Transitive Verbs and Gay Marriage

A fantasy in which our culture gets some real values

And yet, I also realized, biological families are particularly fictitious. My wife dreamed that someday her real father—who was a prince—would come to rescue her. For some reason, I always believed that I must be Jewish—although there's a goddamn map of Tipperary on my face—and I fantasized about bookish men who would one day put the lie to my paternity (my fantasy was harder to manage than my wife's as my father and I are near-duplicates of each other). How many men have I met who don't love their biological sons? How many sons do I know who don't love their biological fathers? The world is too full of them, I think, and love is a transitive verb, which means that it requires an object. There is no love without action. Love without action is something else. A movie, maybe. A Hallmark card.

Certain conservative Christians hate gay marriage not because they're trying to preserve the sanctity of marriage. Check out the divorce rate among conservative Christians if you want to know the deal on that one. They hate gay marriage because they hate the idea that anyone can pull off this miracle. Anyone. If I gave them half a chance, they would probably hate me for adopting a baby from another country: I have no "divine right" to this child—at least not the way many people construe "divine"—and many in his birth country would argue that I don't have any right at all. What they don't want you to see is the magic of the thing. For lack of a better word, they don't want you to see the "God" in the thing. And, believe me, that's a very different word from "divine."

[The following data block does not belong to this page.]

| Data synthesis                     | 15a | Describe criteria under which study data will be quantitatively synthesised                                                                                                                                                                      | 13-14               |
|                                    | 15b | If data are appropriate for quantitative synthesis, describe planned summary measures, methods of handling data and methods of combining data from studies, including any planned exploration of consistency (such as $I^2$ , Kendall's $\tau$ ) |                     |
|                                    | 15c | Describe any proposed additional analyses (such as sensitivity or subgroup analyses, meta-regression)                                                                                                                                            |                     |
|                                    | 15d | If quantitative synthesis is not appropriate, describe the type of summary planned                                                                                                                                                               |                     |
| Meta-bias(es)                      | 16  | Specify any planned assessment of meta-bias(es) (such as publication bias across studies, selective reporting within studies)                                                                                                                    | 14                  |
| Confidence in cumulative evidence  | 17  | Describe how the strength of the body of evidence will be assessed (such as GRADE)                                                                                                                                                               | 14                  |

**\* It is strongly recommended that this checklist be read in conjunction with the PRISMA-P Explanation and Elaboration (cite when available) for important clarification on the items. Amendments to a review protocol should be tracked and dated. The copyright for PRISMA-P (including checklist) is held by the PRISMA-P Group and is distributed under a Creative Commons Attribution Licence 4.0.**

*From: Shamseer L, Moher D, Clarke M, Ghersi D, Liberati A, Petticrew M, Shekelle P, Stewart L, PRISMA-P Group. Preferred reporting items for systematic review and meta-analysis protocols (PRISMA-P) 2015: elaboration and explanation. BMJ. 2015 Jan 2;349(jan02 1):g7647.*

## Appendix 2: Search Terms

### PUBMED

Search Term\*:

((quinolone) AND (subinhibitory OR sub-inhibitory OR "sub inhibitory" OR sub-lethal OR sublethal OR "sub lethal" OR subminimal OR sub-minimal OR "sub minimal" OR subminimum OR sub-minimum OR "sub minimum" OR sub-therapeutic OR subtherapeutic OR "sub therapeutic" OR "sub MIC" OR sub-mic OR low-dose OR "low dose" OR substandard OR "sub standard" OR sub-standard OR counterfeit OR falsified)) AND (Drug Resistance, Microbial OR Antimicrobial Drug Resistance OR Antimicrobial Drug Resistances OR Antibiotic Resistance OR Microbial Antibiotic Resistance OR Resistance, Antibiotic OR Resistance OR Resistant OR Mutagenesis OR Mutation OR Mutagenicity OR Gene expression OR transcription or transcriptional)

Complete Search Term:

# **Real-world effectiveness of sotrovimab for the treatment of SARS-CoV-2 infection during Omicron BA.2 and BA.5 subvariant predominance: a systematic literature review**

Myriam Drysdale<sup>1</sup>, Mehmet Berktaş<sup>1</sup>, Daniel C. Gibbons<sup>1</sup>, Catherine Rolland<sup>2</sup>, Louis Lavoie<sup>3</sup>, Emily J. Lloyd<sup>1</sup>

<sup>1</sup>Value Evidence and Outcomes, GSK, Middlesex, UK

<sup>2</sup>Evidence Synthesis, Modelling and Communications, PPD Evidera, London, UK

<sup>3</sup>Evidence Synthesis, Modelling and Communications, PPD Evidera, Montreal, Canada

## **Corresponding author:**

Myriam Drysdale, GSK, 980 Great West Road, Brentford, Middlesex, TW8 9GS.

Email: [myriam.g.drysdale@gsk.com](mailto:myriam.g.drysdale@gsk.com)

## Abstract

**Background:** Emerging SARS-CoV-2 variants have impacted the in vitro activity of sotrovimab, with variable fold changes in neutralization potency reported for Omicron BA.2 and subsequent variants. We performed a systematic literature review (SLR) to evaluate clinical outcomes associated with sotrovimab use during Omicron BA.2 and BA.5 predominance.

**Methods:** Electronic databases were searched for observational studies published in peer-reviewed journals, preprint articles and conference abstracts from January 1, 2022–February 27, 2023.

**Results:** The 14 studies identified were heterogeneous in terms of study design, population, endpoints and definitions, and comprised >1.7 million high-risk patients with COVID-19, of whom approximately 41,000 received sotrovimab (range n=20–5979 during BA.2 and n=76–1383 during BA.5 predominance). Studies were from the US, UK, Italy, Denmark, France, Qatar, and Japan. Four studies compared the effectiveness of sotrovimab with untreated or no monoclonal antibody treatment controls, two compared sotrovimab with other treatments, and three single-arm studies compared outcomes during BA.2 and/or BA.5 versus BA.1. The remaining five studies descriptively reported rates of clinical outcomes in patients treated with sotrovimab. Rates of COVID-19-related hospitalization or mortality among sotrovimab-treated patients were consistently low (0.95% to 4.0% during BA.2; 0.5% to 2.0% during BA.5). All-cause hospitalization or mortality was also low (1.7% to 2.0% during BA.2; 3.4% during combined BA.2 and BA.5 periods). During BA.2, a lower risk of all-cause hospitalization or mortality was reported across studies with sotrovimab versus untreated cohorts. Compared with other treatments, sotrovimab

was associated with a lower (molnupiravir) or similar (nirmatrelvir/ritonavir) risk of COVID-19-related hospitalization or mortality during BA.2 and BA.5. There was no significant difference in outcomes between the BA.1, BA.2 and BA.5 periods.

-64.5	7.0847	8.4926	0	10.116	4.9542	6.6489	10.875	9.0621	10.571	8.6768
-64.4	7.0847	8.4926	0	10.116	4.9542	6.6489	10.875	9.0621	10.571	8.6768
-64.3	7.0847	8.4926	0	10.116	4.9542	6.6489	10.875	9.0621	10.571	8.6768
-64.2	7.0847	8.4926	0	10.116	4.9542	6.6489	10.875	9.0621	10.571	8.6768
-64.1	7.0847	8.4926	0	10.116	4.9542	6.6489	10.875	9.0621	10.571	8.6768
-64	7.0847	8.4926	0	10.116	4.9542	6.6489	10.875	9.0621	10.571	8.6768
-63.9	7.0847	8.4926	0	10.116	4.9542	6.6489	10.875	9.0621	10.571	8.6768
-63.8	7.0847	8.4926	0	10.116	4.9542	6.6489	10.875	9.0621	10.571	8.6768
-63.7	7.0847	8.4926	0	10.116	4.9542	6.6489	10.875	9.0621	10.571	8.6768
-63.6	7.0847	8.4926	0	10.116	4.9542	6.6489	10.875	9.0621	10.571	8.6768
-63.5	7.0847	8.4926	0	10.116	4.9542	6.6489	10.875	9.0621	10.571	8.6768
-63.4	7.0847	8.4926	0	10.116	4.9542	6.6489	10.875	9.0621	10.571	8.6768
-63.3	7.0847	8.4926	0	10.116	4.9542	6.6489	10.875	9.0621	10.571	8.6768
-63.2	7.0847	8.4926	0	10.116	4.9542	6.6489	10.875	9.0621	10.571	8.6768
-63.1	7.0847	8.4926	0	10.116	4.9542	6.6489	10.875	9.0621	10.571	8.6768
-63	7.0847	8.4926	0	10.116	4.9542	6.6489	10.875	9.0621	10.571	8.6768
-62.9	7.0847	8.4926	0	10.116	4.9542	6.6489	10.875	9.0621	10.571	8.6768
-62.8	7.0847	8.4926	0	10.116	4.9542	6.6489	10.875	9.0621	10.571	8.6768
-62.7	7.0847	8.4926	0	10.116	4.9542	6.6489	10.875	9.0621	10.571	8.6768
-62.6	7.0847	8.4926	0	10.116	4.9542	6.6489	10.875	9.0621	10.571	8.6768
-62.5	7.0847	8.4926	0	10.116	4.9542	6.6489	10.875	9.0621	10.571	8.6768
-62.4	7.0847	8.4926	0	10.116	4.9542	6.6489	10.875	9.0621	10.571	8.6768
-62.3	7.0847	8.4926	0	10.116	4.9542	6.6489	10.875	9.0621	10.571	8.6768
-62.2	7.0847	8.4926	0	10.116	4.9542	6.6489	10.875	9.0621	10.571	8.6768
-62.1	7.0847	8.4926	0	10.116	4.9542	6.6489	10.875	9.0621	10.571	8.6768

In many ways, I think it's just the same old swindle. The first guy tells you that the kingdom of heaven is within you, but the second guy tells you what the first guy really meant was that the kingdom of heaven is above you. The moment after you hear the truth, there's always someone who wants to correct you. I teach other people's children for a living, and I want everyone to know that it's possible to love anyone. I have no doubts about this. It's not a theory or a belief. It's certainly not something that needs to be legislated. It's just about the biggest fact of my life.

Sometimes I have this fantasy that my culture will get some real values. I think anyone who raises a child in any manner that doesn't involve coat hangers should be given an award. If we're going to exclude people from legal entitlements or basic civil rights, I say exclude the people who aren't raising children. I got exactly three hours of sleep last night, and that's what I was thinking the third time my son called out to me from the darkness. I am his father because I comforted him; not because we share the same genes and not because of my sexual persuasion. "Father," too, is a transitive verb. And you can bet your ass that my gay friends in the library know exactly what I'm talking about.

Dan Barden grew up in OC and teaches creative writing at Butler University in Indianapolis, where his wife, Elizabeth, owns Big Hat Books, that city's only independent, general-interest bookstore. He is the author ofJohn Wayne: A Novel.

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